reported that miR-210, in particular, is increased in response to hypoxia [5,6,8,9] and may in fact be the principal miRNA expressed in a number of different cancer types through a hypoxia-responsive element . Interestingly, miR-210 induction is regulated by hypoxia-inducible factor 1α (HIF-1α), and it serves as an important regulator for inhibiting DNA repair pathways and promoting genomic instability . Furthermore, miR-210 facilitates the mRNA degradation of normoxic genes, providing another mechanism of HIF-regulated gene expression . In the present study, we assessed the potential of circulating miR-210 to function as a diagnostic marker for pancreatic cancer. On the basis of previous work by Mitchell et al.  and Chen et al. , we have developed a plasma-based assay that reliably quantifies miR-210 from archived patient plasma samples. Here we report that plasma miR-210 expression from patients with newly diagnosed locally advanced pancreatic adenocarcinomas was significantly elevated in comparison to age-matched controls, using a test and a validating set. Patients and Methods
Cohorts Plasma samples for pancreatic cancer patients and controls in cohort 1 were collected and archived between June 2006 and January 2008, whereas plasma samples for cohort 2 were collected and archived between March 2005 and October 2006. All samples were collected before any treatment, and miR-210 levels were analyzed retrospectively from these groups. All patients were identically staged with pancreatic protocol computed tomographic scans and evaluated at the Stanford gastrointestinal multidisciplinary tumor board. All patients had locally advanced, unresectable stage T4 disease. Recurrent malignancies were excluded from the study. The protocol described was first tested on a cohort of 11 pancreatic cancer patients and 14 age-matched healthy controls (cohort 1; Table 1). A second validation set of 11 pancreatic cancer patients and 11 age-matched healthy controls (cohort 2; Table 2) was used to confirm our initial results and to achieve greater statistical power. There was no statistically significant difference in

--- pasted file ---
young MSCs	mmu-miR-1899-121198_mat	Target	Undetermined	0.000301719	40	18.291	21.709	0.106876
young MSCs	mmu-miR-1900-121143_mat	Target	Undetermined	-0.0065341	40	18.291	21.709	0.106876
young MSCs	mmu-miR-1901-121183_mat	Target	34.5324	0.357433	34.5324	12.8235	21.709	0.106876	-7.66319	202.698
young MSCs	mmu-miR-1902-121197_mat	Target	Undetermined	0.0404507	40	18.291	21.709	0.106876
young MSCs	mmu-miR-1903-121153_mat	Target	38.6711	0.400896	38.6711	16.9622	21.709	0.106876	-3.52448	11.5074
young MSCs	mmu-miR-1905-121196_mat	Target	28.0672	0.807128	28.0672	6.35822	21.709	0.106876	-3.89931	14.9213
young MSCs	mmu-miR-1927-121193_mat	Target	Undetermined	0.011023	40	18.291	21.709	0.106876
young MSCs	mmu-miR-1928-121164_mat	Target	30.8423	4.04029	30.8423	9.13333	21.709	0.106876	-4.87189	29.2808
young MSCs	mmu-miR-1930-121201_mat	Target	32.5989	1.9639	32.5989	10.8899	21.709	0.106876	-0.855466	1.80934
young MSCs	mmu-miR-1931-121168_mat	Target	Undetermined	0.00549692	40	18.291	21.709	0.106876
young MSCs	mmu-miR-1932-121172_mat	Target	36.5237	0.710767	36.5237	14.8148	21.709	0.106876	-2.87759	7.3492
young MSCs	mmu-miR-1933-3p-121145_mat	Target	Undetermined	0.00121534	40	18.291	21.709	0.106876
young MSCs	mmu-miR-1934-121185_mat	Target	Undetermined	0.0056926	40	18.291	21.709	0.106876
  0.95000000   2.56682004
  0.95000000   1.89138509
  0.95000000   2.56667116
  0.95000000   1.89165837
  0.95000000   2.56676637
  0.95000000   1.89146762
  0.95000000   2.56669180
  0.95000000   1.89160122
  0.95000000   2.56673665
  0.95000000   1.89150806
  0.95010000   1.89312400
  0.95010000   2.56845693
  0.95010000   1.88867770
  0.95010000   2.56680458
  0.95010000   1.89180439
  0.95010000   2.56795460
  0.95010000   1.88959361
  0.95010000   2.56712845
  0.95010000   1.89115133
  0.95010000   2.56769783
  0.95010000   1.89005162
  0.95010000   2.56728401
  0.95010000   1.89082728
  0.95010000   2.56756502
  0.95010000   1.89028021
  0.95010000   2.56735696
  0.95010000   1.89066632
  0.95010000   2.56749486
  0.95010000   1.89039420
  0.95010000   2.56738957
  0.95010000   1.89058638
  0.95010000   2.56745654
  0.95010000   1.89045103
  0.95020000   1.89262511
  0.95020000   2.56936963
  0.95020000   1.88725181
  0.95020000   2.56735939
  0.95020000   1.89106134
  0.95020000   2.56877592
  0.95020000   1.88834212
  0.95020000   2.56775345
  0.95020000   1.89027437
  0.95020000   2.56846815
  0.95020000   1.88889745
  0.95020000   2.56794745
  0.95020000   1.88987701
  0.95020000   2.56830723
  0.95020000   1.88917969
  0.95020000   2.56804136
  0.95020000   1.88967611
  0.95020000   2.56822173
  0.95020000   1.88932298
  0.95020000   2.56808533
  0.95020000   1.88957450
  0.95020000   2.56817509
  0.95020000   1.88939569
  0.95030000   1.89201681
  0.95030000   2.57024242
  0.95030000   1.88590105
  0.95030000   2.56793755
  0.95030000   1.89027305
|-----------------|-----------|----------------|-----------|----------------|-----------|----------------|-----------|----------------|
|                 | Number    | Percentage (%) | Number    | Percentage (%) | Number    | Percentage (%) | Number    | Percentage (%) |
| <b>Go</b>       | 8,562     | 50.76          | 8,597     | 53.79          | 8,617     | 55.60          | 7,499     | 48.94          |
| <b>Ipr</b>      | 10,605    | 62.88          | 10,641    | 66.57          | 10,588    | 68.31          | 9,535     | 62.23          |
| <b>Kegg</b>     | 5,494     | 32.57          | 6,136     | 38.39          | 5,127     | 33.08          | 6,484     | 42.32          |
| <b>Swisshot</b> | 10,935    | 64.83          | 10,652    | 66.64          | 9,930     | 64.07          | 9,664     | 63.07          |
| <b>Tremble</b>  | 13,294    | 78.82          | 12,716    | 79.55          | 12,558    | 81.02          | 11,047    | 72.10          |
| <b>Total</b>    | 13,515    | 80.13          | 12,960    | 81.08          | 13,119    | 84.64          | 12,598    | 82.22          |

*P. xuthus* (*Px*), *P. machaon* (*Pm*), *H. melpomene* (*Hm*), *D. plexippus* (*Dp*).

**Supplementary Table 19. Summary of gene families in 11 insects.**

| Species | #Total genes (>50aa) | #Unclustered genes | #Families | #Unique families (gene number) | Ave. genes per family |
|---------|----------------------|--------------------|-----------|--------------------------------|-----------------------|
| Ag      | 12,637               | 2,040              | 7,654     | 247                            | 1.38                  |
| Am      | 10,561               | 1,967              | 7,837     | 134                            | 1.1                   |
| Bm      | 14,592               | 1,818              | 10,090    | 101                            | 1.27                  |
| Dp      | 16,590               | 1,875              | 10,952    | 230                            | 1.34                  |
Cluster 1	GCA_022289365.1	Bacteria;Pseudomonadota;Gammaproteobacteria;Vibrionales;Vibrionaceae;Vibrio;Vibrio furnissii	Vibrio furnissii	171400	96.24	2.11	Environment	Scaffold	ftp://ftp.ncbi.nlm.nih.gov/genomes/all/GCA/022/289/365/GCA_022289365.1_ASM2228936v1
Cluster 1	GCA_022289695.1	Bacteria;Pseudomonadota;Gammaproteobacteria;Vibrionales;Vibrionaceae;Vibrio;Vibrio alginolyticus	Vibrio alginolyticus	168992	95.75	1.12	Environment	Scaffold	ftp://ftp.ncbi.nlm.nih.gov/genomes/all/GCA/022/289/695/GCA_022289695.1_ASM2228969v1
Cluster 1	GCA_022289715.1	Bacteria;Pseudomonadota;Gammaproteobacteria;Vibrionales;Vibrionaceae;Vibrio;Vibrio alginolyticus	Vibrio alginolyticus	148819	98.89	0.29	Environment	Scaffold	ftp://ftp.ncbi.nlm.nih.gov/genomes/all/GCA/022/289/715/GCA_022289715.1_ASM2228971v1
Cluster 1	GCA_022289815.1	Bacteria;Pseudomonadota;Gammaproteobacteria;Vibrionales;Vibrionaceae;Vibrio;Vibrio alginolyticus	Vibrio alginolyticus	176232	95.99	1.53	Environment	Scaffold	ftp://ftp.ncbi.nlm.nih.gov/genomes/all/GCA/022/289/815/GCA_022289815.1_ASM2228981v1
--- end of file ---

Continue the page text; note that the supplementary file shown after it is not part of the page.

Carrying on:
plasma miR-210 levels between the two control groups (2-tailed t-test, P = .22).
Plasma Extraction Five to ten milliliters of whole blood was obtained from each patient. Plasma was extracted by centrifuging whole blood at 3000 rpm for 10 minutes at room temperature and then frozen as separate aliquots at −80°C for storage. One hundred microliters of thawed plasma was boiled for 10 minutes at 100°C and then centrifuged at 13,000g for 10 minutes at 4°C. Approximately 1.1 μl of supernatant was collected.
Complementary DNA Production To normalize by volume, synthetic Caenorhabditis elegans miR-54 (cel-miR-54) (Integrated DNA Technologies, Coralville, IA) served as a control. cel-miR-54 has previously been shown not to affect human miRNA detection . Complementary DNA was generated by mixing the extracted RNA (1.1 μl) with 5× miR-210 primer (1.0 μl), 5× cel miR-54 primer (0.9 μl), 0.25 nM cel miR-54 oligo (0.1 μl), 5× First Strand buffer (1.0 μl), dithiothreitol (0.5 μl), 25 mM dNTP (0.2 μl), RNAse Out Inhibitor (0.1 μl), and reverse transcriptase (0.1 μl). This mixture was assayed on a standard polymerase chain reaction (PCR) thermal cycler at 16°C for 30 minutes, at 42°C for 30 minutes, at 85°C for 5 minutes, and then at 4°C afterward.
Quantitative Reverse Transcription–PCR Quantitative reverse transcription–PCR (qRT-PCR) was performed using an ABI 7900 Thermal Cycler, with miR-54 and miR-210 quantified using TaqMan MicroRNA Assays (Applied Biosystems, Foster City, CA). Twenty-five microliters of dH2O was mixed with 5 μl of complementary DNA. Four microliters of this dilution was mixed with 2× Master Mix (5 μl), 20× PCR Primer (0.5 μl), and dH2O (0.5 μl) before being pipetted onto a 394-well plate. qRT-PCR was then performed at 50°C for 2 minutes, at 95°C for 10 minutes, at 95°C for 15 seconds, and at 60°C for 60 seconds, with the last two steps repeated for a total of 40 cycles. Each reaction was performed in triplicate.
Table 1. Cohort 1. Cohort 1
CA 19-9 (U/ml)
miR-210 Expression (Mean ± SD)
P1 P2 P3 P4 P5 P6 P7 P8 P9 P10 P11 C1 C2 C3 C4 C5 C6 C7 C8 C9 C10 C11 C12 C13 C14
85 60 60 68 65 57 60 63 51 79 46 64 59 58 61 49 58 66 62 55 58 51 61 62 60
Head Head Head Head Head Head Body Head Body Body Head
24 243 235 4514 1270